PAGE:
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Home / Trip Diary / Inner Mongolia / Days 15 & 16 – Boring Roads and River Fords
The overflowing river that we had to ford.

Days 15 & 16 – Boring Roads and River Fords

August 2nd-3rd; 332km/302km; Youqi to Wuchagou to Tuquan

Aside from some pretty nasty crosswinds as we continued our way through the plains, we had a pretty tame couple of days making some relatively good progress.

One Bad Ass Biker

The 3 bikers. Bad ass

The 3 bikers. Bad ass

We met one very interesting guy as we took a break on the side of the road. He was passing by on his bicycle. He had clearly been on the road a while as he was quite tan and his gear looked pretty worn. He was riding a pretty normal looking bicycle that it looked like you could get for a few hundred RMB and was biking in slip on sandals, shorts, and an unzipped wind breaker.

It was nice to talk to another traveler though as we got to talk about more than just where we were from and how much our bike cost. In fact, I don’t think he even asked those questions. We talked about the road, how long we were traveling, why were doing what we were doing, and other similar things. It turned out, this particular person was doing a similar thing as us, traveling around all of China. The only difference of course was that he was doing it fully human powered! Definitely gets the award for most hardcore person we’ve met so far on The Great Ride!

On the 2nd we ended up staying in what looked like a little mining village. Tucked away in the hills (with a beautiful approach road), it has a lot going on with lots of “guest houses”, convenience stores, and repair shops. The accomodations actually ended up being pretty nice as we actually had our first internet connection in 3 days and 1st in 2 with a shower!

The Roads Just Couldn’t Last

The overflowing river that we had to ford.

The overflowing river that we had to ford.

I mean that above headline quite literally. We started off with the roads just as good as they had been the past few days and soon we got to a construction detour and then… the road pretty much just ended. We got re-routed through a village which seemed alright for a little while. The roads we were on though weren’t on our GPS, but we were able to follow some traffic that seemed to have also come from the highway. Soon, the road left the village as we were on a road that cut through some fields. Then it looked like we got to a construction site as there were a lot of large tractors and pickup trucks around.

It turned out that rather than a construction site, we had come across a river/stream that cut right through the road. We spent a while deciding what to do as a few workers came over insisting they could push it across. We watched on as some cars drove through, one bike got pushed across, and one truck tried to go through but the engine flooded and it stalled.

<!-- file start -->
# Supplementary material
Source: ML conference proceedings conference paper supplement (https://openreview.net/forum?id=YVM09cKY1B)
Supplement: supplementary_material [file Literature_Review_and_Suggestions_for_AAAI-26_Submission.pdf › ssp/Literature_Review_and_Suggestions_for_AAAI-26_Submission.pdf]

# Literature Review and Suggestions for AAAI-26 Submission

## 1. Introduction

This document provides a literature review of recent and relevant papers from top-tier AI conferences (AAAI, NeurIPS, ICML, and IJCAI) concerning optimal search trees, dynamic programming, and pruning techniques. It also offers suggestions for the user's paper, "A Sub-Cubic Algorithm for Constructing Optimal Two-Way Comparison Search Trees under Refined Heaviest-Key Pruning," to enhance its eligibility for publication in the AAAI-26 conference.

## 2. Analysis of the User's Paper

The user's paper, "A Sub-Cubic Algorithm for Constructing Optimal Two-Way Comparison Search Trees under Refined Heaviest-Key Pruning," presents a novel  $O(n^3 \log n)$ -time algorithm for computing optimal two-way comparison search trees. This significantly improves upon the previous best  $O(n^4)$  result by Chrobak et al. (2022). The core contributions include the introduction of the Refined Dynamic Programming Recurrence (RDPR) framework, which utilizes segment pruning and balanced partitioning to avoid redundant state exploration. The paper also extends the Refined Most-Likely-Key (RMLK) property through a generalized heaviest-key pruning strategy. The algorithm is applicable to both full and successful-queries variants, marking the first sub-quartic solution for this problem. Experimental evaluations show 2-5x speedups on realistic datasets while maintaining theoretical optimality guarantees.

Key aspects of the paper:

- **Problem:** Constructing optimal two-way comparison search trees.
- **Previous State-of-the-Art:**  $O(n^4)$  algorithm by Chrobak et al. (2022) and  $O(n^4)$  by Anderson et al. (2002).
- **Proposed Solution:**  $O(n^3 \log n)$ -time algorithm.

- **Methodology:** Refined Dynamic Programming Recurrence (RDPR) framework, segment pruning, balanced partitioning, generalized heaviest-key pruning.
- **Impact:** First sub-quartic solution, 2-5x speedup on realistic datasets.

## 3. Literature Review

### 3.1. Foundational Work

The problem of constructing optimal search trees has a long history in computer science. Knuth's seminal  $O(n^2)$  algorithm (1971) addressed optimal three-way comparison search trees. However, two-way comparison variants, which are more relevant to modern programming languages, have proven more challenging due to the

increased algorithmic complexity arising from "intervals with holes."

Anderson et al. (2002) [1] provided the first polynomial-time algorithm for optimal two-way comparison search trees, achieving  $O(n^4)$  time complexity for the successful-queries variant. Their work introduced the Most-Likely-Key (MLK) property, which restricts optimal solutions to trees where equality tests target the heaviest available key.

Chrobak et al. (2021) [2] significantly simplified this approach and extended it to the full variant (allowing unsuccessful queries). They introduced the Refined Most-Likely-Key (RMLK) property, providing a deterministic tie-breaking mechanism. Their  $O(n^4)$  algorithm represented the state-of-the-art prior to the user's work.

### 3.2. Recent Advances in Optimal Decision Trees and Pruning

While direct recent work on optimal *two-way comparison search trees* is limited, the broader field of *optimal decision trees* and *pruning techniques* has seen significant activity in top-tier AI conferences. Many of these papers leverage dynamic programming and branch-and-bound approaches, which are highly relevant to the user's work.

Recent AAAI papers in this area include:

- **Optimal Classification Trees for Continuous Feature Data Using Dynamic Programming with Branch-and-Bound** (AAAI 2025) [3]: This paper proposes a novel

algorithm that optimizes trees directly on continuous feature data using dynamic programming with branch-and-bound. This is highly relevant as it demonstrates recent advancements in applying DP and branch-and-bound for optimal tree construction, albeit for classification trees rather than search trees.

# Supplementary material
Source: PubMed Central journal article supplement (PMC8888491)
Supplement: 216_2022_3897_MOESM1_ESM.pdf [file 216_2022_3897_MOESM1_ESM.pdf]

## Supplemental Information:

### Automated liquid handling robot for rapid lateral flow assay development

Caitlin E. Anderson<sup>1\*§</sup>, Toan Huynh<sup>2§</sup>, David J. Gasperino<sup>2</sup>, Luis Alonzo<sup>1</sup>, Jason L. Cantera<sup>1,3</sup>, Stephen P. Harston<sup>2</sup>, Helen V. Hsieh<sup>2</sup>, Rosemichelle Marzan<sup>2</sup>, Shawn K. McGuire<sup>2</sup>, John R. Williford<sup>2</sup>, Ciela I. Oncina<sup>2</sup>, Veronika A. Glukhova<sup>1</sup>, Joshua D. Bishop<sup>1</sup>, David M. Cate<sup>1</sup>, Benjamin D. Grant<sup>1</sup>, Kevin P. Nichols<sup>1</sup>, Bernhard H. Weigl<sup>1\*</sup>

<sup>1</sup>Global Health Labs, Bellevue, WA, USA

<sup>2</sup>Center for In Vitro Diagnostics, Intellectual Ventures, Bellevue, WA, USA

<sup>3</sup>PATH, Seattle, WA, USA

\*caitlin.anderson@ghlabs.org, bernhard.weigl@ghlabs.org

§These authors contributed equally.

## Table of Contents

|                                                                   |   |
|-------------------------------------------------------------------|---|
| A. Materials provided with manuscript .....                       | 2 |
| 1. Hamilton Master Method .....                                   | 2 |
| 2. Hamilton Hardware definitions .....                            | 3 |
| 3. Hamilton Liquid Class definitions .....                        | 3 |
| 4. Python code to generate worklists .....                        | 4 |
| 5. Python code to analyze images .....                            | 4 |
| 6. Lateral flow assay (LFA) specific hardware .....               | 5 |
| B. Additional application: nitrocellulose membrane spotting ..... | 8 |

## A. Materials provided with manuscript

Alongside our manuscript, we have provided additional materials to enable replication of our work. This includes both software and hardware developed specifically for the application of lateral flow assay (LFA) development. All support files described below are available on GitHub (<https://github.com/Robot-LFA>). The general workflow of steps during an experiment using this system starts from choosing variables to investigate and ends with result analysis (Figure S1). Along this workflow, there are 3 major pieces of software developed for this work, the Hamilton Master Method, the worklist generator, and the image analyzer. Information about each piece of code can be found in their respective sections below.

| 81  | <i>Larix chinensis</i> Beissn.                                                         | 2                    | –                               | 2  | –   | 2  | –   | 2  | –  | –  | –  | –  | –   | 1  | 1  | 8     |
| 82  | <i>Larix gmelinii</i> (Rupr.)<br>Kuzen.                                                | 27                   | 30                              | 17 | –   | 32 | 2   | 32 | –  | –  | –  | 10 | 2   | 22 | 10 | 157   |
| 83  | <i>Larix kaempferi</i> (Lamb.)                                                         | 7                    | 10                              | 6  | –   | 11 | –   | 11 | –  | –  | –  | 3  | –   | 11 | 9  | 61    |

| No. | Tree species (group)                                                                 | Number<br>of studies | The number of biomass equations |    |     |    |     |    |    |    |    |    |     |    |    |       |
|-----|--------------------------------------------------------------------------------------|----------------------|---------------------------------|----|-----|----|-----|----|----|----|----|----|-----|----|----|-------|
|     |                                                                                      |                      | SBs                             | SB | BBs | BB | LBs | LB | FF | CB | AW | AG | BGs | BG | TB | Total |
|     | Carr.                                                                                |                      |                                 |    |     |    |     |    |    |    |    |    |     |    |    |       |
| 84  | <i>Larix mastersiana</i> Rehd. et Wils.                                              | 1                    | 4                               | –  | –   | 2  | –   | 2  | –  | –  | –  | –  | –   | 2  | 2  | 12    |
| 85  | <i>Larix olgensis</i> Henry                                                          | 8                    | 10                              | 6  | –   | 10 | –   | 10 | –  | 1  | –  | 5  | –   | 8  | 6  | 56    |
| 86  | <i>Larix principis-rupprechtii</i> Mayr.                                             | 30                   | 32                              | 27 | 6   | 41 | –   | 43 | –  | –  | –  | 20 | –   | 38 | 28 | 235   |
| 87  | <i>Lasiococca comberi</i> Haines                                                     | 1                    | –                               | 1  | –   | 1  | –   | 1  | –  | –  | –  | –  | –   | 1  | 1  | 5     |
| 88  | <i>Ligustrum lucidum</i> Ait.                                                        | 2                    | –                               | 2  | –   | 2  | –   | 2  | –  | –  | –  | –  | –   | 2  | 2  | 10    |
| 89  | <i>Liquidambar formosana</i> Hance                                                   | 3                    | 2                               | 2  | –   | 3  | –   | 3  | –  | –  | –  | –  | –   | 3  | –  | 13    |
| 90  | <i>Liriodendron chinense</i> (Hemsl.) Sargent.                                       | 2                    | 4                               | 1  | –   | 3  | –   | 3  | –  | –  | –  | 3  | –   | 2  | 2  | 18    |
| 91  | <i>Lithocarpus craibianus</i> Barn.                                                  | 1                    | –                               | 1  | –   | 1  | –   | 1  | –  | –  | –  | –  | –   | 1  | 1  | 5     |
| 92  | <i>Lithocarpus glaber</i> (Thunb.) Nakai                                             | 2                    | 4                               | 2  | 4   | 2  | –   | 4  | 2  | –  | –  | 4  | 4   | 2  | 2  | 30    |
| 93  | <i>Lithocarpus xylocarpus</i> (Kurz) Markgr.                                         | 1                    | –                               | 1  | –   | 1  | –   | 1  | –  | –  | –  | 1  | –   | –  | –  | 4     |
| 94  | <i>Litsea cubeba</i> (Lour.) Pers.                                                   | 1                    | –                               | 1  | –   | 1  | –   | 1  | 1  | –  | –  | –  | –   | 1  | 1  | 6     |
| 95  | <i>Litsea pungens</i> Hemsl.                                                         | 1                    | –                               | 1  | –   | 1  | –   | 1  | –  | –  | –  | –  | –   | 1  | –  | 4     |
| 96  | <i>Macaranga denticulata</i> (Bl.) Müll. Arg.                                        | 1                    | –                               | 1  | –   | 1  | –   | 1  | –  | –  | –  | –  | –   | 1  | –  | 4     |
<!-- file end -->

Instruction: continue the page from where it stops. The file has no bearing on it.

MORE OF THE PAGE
Eventually we decided we had no choice and unloaded everything from the bike so it could be pushed. Two workers pushed it as we carried our bags across. Luckily, it came out ok! Then one of the workers told us there was another ford, deeper than this one, up ahead. He recommended we look for a path that cut through a field that would be ok for a motorcycle to go through and would take us back to the main road.

Amy got splashed on a bit after helping push the bike from behind through some mud

Amy got splashed on a bit after helping push the bike from behind through some mud

Luckily we found the path and managed to get around the second ford. Overall we made it through ok, though later on down the regular road, a stream had flooded over and though I could drive across, it was deep and slippery and both Amy (who walked across) and I got our boots completely soaked.

By the end of the day we were on our road taking us back west, which was the first time of the trip really so far. The road was beautifully boring, wide and paved, which allowed us to make up some time after all the earlier excitement.

About Buck

Buck, originally from New York, first came to China in 2006 traveling with some friends and immediately fell in love with the country, returning frequently including a semester studying at Tsinghua University in 2009. He finally moved to Beijing after graduating from the University of Toronto in 2010. He has a passion for adventure and travel, completing numerous long distance motorcycling and hiking trips around the U.S., Canada, and China including a circumnavigation of the U.S. (13,840km) and a thru-hike of the Appalachian Trail (3,500km). When he's not wandering (and sometimes when he is), Buck works as a web developer and marketing consultant in Beijing.